“There’s no longer any volume growth in grocery. Consumers shop across a repertoire of grocers. Therefore, to stand out, it’s not good enough to do what you’ve always done and offer options to trade up.”
“The winners gave people a reason to shop with them,” says Tan.
These reasons range from what Fortnum boss Ewan Venters terms its “unique experience of shopping” and its original product to Lidl’s low prices.
However, Hooker points out that Lidl and fellow discounter Aldi’s sales growth is being driven by new store openings. The pair do not report like-for-likes, but Hooker believes that if new store sales were stripped out “like-for-likes would not be as strong as you’d think”.
But how do you measure what Christmas success really looks like?
Hooker believes this must go beyond like-for-like sales growth. “The big question is whether this has been profitable growth,” she says.
And with Black Friday making a bigger impact than ever – the BRC said it overtook Christmas as the biggest shopping week of the year – that can be easier said than done.
Some retailers are prioritising sales over profits. Asos reset its margin from 4% in December 2018 to what analysts believe will be 1.9% this year.
Asos chief financial officer Mat Dunn says that, although it plans to get its margin back to 4% in the “medium term”, it has to balance this with driving long-term growth.
“We feel there are lots of levers we can pull to drive our margin forward. We believe that, medium term, 4% is a sensible objective. The thing we’ve been less clear on is the balance between driving margin and reinvesting to drive long-term growth – that’s why we haven’t given guidance around timeframe, ” he says.
There are other important measures of success. Beighton called the golden quarter a “key period for customer acquisition”.
Asos added 1.4 million new customers during the four months to December 31, compared to the 1.9 million it acquired in the 12 preceding months.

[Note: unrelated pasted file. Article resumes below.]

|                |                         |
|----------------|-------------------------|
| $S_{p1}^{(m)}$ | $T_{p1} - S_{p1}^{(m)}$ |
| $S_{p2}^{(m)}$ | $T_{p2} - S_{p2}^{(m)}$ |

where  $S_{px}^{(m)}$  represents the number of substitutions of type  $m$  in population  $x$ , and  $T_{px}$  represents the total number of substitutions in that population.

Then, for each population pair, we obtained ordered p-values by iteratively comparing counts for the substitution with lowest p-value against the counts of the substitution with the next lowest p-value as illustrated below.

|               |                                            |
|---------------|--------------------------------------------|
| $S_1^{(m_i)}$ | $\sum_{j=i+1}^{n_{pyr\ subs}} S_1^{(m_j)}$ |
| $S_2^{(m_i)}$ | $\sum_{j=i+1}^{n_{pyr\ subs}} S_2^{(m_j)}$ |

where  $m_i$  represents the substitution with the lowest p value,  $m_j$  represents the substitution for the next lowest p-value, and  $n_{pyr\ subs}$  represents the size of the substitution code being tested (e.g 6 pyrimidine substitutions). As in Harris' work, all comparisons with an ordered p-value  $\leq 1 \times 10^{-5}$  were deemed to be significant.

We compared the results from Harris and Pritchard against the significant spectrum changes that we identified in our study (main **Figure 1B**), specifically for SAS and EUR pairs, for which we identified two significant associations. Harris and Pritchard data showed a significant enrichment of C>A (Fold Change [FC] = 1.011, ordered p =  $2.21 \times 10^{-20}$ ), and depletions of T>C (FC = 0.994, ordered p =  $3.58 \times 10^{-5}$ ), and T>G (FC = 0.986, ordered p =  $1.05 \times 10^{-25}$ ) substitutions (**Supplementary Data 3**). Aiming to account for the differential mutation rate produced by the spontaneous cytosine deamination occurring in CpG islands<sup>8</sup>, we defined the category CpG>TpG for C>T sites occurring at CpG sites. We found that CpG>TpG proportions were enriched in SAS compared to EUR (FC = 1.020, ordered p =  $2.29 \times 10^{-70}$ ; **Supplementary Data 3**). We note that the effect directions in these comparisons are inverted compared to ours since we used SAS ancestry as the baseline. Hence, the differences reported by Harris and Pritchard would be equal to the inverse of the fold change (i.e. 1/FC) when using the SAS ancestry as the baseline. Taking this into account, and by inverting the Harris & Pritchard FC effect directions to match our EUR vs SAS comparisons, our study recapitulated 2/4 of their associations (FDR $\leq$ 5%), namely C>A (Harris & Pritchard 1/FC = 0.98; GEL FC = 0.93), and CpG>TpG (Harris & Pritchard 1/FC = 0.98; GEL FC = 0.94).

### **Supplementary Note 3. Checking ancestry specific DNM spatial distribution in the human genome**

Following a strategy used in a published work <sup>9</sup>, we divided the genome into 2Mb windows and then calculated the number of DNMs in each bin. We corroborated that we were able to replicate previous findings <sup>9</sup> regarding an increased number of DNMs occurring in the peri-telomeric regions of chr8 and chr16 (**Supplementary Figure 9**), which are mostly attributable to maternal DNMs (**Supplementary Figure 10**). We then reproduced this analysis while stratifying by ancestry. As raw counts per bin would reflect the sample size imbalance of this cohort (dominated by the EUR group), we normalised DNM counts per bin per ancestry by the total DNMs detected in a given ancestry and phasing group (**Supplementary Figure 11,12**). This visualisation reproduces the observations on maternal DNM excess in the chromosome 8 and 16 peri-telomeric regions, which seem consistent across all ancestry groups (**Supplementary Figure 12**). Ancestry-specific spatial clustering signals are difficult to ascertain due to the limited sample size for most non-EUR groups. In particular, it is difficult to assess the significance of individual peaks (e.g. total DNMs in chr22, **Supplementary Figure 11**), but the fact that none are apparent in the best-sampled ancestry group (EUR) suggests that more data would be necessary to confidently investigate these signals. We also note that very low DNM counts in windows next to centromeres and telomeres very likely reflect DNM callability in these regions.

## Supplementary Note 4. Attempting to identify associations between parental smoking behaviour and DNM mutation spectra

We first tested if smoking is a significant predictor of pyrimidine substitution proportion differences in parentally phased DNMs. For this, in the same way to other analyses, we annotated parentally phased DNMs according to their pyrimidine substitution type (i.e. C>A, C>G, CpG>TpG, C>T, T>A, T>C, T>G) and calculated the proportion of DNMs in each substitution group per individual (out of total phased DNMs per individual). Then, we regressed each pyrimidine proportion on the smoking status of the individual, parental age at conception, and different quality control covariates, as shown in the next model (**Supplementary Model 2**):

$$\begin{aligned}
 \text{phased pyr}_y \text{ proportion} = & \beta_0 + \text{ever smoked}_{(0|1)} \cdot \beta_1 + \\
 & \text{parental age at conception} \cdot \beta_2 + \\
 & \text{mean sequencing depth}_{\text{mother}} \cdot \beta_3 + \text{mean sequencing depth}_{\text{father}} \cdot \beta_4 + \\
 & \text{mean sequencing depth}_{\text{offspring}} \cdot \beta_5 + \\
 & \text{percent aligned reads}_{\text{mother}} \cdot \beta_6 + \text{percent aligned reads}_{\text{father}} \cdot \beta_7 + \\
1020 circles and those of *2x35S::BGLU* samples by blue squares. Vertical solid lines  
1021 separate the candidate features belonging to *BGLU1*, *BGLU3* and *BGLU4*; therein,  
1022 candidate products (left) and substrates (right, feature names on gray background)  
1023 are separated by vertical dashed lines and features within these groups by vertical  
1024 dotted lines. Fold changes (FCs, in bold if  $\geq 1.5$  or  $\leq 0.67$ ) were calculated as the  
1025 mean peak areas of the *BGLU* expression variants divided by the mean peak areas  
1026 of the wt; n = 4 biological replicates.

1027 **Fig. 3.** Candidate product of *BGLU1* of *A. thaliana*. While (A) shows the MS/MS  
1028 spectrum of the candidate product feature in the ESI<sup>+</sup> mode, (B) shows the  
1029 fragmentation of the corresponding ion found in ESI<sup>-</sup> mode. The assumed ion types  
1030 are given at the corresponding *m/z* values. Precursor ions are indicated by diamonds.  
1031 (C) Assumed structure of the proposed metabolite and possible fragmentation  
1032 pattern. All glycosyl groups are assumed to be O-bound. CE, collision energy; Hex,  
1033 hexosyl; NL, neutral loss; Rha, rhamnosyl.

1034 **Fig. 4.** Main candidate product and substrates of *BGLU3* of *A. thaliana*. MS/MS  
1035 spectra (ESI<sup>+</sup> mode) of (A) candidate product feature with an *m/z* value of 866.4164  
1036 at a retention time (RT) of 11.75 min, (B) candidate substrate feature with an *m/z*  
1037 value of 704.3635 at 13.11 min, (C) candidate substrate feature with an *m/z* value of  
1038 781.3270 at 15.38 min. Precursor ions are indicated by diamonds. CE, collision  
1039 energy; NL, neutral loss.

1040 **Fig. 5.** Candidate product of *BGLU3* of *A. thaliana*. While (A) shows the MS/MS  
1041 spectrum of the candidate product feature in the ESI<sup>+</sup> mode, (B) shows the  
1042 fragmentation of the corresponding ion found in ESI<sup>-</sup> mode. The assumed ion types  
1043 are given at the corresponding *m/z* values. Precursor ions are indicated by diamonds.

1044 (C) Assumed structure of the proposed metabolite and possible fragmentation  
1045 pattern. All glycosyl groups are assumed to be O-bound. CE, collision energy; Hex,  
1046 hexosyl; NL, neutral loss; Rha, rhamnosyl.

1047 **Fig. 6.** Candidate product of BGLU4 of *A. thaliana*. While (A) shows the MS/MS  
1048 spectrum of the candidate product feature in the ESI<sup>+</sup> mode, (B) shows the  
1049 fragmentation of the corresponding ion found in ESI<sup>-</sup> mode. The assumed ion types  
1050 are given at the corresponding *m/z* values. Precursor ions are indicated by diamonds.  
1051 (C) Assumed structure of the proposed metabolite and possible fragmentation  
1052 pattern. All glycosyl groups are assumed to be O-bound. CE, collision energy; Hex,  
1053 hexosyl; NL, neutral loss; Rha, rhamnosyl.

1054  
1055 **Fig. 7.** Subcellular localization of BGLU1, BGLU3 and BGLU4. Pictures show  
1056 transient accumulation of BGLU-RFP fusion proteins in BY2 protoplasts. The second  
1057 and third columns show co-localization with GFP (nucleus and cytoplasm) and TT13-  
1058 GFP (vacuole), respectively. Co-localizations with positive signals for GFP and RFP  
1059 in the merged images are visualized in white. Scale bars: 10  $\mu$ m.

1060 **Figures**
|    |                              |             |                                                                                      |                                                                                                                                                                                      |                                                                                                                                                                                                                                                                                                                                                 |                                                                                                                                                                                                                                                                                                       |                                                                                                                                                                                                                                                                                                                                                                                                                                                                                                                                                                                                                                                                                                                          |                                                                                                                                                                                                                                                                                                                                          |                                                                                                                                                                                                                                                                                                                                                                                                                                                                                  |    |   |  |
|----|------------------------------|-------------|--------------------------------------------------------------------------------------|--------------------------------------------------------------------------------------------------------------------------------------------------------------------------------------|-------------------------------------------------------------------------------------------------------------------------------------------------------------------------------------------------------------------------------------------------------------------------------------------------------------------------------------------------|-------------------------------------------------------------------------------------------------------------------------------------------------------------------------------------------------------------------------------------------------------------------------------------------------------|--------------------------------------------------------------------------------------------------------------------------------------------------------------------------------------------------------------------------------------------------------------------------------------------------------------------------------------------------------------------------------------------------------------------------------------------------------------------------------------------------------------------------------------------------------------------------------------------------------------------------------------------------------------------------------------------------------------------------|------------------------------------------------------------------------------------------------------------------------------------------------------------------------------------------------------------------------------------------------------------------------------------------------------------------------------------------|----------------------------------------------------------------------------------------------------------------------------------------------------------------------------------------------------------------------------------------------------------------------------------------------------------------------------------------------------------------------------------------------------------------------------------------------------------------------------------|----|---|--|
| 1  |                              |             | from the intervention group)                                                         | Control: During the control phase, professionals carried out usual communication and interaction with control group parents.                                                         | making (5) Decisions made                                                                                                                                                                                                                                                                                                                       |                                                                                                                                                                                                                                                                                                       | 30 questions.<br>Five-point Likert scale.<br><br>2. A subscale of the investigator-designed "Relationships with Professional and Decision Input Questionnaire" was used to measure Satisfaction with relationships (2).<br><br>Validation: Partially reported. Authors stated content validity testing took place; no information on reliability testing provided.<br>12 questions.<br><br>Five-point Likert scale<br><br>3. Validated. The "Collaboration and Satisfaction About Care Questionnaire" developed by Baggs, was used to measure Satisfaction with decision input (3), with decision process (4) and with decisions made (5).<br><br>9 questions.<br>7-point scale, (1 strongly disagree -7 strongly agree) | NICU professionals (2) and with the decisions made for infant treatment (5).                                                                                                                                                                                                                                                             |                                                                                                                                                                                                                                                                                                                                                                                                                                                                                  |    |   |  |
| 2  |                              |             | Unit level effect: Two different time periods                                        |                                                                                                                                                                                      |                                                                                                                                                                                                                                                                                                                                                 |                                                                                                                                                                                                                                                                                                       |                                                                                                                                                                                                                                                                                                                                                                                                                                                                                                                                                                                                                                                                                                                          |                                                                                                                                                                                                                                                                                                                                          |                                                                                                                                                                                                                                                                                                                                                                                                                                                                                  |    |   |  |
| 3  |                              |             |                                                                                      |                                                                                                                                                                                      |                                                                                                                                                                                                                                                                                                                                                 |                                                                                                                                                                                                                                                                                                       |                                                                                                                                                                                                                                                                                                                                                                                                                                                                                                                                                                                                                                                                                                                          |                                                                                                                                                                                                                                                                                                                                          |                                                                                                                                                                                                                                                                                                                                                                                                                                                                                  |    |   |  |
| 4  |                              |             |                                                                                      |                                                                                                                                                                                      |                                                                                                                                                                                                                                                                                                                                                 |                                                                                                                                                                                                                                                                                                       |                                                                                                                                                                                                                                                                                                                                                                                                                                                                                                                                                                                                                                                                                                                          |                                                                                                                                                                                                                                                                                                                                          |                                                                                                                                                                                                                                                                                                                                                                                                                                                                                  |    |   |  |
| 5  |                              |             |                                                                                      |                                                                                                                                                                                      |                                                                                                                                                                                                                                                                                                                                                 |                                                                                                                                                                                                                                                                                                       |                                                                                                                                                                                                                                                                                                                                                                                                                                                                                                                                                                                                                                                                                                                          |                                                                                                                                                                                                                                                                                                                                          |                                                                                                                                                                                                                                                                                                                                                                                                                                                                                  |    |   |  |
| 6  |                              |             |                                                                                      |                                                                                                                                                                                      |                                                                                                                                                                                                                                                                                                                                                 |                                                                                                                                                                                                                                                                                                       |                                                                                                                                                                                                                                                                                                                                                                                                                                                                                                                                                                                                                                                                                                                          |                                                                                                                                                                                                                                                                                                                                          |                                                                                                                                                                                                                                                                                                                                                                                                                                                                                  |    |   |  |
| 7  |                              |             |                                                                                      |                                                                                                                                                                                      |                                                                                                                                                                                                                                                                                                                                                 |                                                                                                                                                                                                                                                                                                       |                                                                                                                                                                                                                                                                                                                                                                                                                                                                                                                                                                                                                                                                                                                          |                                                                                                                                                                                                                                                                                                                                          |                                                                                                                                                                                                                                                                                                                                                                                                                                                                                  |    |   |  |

”Our focus is to grow our customer base and engagement, and delight them with product and experience.
“The combination of those things had a much stronger resonance than we expected in the UK, particularly around Black Friday. We’re very satisfied.”
The retailer is now focused on retaining those recently acquired customers, says Beighton, through “compelling engagement methods”, which proved successful during the golden quarter.
”We did an awful lot of compelling engagement methods through social media and targeted promotions,” he says.
Tan agrees that customer – along with employee – engagement is a key measure of Christmas success. However, this is difficult to measure, he points out, as traditional metrics such as NPS scores are flawed.
“It all comes down to whether customers communicate with you. Do they come into store or online to see what’s happening? Are they truly interested in your brand?” he says.
Engaging with newly acquired customers is one way to make a good Christmas last beyond the golden quarter, but how else can retailers prolong the success?
Tan recommends that they really investigate what worked for them over Christmas and take it forward into 2020, and also look into why other retailers were successful.
“Don’t just look inwards, look outwards and understand what the landscape is like,” he urges. “Work out why your customers love other brands.”